When Jared had lived 162 years, he fathered Enoch.  Jared lived after he fathered Enoch 800 years and had other sons and daughters.  Thus all the days of Jared were 962 years, and he died. 

Up to this point, everything has been going along monotonously well, but it is here—at the seventh generation from Adam—that we find something unusual taking place.  Our Narrator explains this, using the most economical description possible, by saying…

Biblical Character

Enoch

Biblical Character

Methuselah

When Enoch had lived 65 years, he fathered Methuselah.  Enoch walked with God after he fathered Methuselah 300 years and had other sons and daughters.  Thus all the days of Enoch were 365 years.  Enoch walked with God, and he was not, for God took him. 

In other words, unlike his predecessors, Enoch did not die but was translated out of his earthly realm of existence and into the heavenly realm of existence with God!  Then, without offering us any more to go on, and just as though this revelation was of little or no consequence, our Narrator once again resumes his narration with…

When Methuselah had lived 187 years, he fathered Lamech.  Methuselah lived after he fathered Lamech 782 years and had other sons and daughters.  Thus all the days of Methuselah were 969 years, and he died.

But, just as he seems to be falling back into the same droning pattern of…

When Lamech had lived 182 years, he fathered a son and called his name Noah… 

…and the spotlight comes to rest on Lamech, we are surprised to hear a sudden outburst from him, as he makes this prophetic statement about his son…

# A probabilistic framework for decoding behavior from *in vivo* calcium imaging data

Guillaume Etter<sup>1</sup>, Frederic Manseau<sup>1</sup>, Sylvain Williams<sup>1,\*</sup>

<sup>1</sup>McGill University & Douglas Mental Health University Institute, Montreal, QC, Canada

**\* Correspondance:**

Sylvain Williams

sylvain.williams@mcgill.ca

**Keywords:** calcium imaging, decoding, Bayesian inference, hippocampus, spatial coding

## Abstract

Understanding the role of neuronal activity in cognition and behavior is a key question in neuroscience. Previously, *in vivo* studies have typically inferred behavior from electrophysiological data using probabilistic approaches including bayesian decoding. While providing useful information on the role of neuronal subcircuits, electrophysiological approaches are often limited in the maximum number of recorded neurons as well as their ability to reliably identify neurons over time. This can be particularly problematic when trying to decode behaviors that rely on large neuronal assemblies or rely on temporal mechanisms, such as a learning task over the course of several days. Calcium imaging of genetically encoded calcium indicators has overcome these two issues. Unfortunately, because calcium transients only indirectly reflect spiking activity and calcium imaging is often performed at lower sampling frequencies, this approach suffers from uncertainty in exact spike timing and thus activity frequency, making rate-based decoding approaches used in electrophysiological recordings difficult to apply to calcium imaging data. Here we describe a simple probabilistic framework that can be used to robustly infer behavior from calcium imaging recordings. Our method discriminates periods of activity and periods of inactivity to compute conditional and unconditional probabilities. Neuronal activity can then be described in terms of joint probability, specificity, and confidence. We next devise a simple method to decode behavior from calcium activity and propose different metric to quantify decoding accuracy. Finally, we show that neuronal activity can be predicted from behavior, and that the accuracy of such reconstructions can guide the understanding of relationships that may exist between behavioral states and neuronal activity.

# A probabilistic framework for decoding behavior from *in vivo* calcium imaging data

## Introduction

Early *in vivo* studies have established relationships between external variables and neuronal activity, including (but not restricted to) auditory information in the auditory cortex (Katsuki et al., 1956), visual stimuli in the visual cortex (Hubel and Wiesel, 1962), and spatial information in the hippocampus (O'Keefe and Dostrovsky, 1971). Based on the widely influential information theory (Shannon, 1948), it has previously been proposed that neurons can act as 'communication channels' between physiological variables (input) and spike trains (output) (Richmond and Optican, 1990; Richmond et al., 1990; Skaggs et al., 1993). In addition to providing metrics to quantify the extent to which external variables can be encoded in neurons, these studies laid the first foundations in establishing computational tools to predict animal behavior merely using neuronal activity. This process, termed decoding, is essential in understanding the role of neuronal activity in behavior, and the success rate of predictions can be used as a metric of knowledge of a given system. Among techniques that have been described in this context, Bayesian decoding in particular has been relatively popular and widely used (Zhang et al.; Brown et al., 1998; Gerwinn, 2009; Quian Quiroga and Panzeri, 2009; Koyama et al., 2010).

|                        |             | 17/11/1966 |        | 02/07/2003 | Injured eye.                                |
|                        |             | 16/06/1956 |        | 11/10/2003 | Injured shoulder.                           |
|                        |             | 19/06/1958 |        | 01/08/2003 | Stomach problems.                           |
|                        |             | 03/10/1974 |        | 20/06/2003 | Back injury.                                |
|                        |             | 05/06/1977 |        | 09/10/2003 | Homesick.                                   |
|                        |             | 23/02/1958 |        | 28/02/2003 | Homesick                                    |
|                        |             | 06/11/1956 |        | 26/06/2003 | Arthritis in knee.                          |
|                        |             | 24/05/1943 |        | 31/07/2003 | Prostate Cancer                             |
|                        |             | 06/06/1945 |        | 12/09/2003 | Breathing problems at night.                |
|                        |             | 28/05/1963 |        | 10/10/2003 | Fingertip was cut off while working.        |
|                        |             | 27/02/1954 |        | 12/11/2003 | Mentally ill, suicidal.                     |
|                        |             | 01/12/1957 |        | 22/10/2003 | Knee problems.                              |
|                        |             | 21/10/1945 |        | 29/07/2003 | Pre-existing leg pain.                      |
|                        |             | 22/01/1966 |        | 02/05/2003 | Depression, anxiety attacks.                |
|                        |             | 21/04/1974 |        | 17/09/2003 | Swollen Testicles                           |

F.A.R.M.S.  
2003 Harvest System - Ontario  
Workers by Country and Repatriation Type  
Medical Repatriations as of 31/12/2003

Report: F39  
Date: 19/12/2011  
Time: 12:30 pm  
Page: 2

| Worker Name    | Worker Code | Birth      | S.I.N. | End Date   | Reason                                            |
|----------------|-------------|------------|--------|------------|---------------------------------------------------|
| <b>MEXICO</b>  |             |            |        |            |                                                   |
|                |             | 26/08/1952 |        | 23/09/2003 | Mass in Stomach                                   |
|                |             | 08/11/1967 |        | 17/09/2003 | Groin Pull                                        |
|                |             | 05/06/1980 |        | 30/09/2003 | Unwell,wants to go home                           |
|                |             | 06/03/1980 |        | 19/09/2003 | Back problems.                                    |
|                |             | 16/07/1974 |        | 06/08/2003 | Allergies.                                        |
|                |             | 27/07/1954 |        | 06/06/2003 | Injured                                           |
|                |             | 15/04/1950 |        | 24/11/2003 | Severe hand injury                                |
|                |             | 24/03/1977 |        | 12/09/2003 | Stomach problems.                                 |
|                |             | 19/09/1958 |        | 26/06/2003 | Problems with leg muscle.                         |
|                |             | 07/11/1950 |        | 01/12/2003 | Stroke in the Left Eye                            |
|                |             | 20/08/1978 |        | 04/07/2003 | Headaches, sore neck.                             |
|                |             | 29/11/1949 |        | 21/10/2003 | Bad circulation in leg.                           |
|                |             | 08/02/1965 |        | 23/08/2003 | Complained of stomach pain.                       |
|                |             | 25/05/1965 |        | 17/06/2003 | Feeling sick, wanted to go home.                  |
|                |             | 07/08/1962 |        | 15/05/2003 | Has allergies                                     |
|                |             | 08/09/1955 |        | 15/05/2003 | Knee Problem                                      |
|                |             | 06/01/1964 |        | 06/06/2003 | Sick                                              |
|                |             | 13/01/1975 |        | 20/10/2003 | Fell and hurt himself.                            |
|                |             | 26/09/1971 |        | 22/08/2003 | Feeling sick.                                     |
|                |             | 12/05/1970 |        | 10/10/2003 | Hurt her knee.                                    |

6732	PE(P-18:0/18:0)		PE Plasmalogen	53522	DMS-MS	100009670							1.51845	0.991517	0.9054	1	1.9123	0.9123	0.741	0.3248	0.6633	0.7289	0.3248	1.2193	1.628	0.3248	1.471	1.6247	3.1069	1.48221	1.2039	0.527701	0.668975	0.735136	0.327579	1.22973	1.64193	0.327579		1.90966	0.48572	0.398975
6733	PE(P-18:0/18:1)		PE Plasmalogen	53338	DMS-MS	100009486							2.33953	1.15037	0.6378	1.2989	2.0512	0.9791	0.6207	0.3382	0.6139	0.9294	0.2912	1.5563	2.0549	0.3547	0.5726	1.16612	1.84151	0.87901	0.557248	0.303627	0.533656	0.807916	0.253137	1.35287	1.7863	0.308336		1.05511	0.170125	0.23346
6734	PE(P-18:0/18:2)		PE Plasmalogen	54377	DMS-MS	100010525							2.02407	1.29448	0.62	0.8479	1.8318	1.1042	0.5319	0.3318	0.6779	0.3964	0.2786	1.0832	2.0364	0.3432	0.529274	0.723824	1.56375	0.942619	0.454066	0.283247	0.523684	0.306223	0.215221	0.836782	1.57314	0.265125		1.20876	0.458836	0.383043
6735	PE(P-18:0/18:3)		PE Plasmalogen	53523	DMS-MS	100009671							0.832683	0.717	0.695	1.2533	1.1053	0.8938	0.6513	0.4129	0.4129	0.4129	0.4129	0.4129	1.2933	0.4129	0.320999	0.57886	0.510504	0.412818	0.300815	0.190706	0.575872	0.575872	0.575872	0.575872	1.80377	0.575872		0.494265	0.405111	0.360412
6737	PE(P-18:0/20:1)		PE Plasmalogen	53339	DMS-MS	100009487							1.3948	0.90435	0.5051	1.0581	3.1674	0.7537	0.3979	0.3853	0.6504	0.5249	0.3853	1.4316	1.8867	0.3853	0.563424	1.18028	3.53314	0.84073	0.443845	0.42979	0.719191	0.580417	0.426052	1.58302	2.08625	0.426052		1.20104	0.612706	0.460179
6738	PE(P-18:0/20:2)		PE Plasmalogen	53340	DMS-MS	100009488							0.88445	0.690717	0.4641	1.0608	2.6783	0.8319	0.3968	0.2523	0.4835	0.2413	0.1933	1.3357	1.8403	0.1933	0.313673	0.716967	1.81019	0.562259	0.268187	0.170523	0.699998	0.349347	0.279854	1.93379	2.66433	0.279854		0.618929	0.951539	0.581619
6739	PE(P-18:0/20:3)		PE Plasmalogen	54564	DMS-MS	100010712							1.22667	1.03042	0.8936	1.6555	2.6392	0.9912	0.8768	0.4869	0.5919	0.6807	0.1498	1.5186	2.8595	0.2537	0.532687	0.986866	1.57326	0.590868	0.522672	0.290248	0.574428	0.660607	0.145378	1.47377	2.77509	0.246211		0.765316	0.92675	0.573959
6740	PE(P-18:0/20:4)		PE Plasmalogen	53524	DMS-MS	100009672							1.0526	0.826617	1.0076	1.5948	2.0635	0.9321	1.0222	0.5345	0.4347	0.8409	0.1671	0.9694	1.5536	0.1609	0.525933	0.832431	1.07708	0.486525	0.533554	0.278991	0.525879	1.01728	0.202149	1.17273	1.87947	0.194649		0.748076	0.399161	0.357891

Biblical Character

Lamech

Bible Character

Noah

…Out of the ground that the Lord has cursed this one shall bring us relief from our work and from the painful toil of our hands…

…after which, our Narrator continues, as before, with…

Lamech lived after he fathered Noah 595 years and had other sons and daughters.  Thus all the days of Lamech were 777 years, and he died.

After Noah was 500 years old, Noah fathered Shem, Ham, and Japheth.

The Line of the Righteous from Adam to the Flood

The Righteous Lineup

And, with the line of the righteous stretched out on the stage before us, Genesis 5 or Vignette #5 abruptly comes to a halt.  The curtains close and the lights in the theatre come up again–and, we are provided with yet another pause in our production for the purpose of critiquing what has just taken place in the presentation.  Although it is tempting for us to think that there is nothing worth critiquing in this very abbreviated episode, there is quite a lot that has been revealed here that will need to be discussed.  So let’s  take a moment and change once more out of our Theatre Patrons’ Hats and into our Theatre Critics’ Hats, and get ourselves ready to analyze the People, the Patterns, and the Precedents being established in this one, seemingly uneventful, passage of Scripture.

Smiley Face with Earphones2
As Steve Green reminds us, let’s pray that when our lives are recorded  in God’s lineup of the Righteous, may all who come behind us find us faithful…